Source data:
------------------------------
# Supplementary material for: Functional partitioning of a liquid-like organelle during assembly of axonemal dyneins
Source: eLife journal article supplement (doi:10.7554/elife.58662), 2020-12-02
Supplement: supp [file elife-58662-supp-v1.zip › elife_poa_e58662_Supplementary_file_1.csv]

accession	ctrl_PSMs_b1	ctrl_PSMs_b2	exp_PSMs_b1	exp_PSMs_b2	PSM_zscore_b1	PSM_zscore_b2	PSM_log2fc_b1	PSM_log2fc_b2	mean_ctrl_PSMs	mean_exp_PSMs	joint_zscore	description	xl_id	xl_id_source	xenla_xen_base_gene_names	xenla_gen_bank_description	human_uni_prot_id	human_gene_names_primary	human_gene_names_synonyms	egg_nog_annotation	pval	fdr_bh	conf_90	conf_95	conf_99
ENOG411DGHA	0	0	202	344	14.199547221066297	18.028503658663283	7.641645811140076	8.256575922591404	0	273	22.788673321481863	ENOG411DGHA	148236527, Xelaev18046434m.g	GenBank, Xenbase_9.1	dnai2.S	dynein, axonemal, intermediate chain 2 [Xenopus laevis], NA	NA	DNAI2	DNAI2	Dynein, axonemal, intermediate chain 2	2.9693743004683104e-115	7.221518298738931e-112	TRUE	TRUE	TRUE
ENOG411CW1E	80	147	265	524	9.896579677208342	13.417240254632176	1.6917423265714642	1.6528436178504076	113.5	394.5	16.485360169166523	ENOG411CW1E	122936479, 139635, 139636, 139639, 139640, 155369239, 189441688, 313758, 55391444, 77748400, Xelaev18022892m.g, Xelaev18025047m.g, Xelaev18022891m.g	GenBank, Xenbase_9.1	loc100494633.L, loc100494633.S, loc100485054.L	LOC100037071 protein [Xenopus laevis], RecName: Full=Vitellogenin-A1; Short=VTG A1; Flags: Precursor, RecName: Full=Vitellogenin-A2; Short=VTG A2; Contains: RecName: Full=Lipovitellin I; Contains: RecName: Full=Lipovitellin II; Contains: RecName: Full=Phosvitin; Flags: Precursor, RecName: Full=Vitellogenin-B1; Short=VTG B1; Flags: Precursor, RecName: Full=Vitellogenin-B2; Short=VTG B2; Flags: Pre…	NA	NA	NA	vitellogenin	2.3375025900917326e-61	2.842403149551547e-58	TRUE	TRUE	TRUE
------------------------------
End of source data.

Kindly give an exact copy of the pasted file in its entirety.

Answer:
# Supplementary material for: Functional partitioning of a liquid-like organelle during assembly of axonemal dyneins
Source: eLife journal article supplement (doi:10.7554/elife.58662), 2020-12-02
Supplement: supp [file elife-58662-supp-v1.zip › elife_poa_e58662_Supplementary_file_1.csv]

accession	ctrl_PSMs_b1	ctrl_PSMs_b2	exp_PSMs_b1	exp_PSMs_b2	PSM_zscore_b1	PSM_zscore_b2	PSM_log2fc_b1	PSM_log2fc_b2	mean_ctrl_PSMs	mean_exp_PSMs	joint_zscore	description	xl_id	xl_id_source	xenla_xen_base_gene_names	xenla_gen_bank_description	human_uni_prot_id	human_gene_names_primary	human_gene_names_synonyms	egg_nog_annotation	pval	fdr_bh	conf_90	conf_95	conf_99
ENOG411DGHA	0	0	202	344	14.199547221066297	18.028503658663283	7.641645811140076	8.256575922591404	0	273	22.788673321481863	ENOG411DGHA	148236527, Xelaev18046434m.g	GenBank, Xenbase_9.1	dnai2.S	dynein, axonemal, intermediate chain 2 [Xenopus laevis], NA	NA	DNAI2	DNAI2	Dynein, axonemal, intermediate chain 2	2.9693743004683104e-115	7.221518298738931e-112	TRUE	TRUE	TRUE
ENOG411CW1E	80	147	265	524	9.896579677208342	13.417240254632176	1.6917423265714642	1.6528436178504076	113.5	394.5	16.485360169166523	ENOG411CW1E	122936479, 139635, 139636, 139639, 139640, 155369239, 189441688, 313758, 55391444, 77748400, Xelaev18022892m.g, Xelaev18025047m.g, Xelaev18022891m.g	GenBank, Xenbase_9.1	loc100494633.L, loc100494633.S, loc100485054.L	LOC100037071 protein [Xenopus laevis], RecName: Full=Vitellogenin-A1; Short=VTG A1; Flags: Precursor, RecName: Full=Vitellogenin-A2; Short=VTG A2; Contains: RecName: Full=Lipovitellin I; Contains: RecName: Full=Lipovitellin II; Contains: RecName: Full=Phosvitin; Flags: Precursor, RecName: Full=Vitellogenin-B1; Short=VTG B1; Flags: Precursor, RecName: Full=Vitellogenin-B2; Short=VTG B2; Flags: Pre…	NA	NA	NA	vitellogenin	2.3375025900917326e-61	2.842403149551547e-58	TRUE	TRUE	TRUE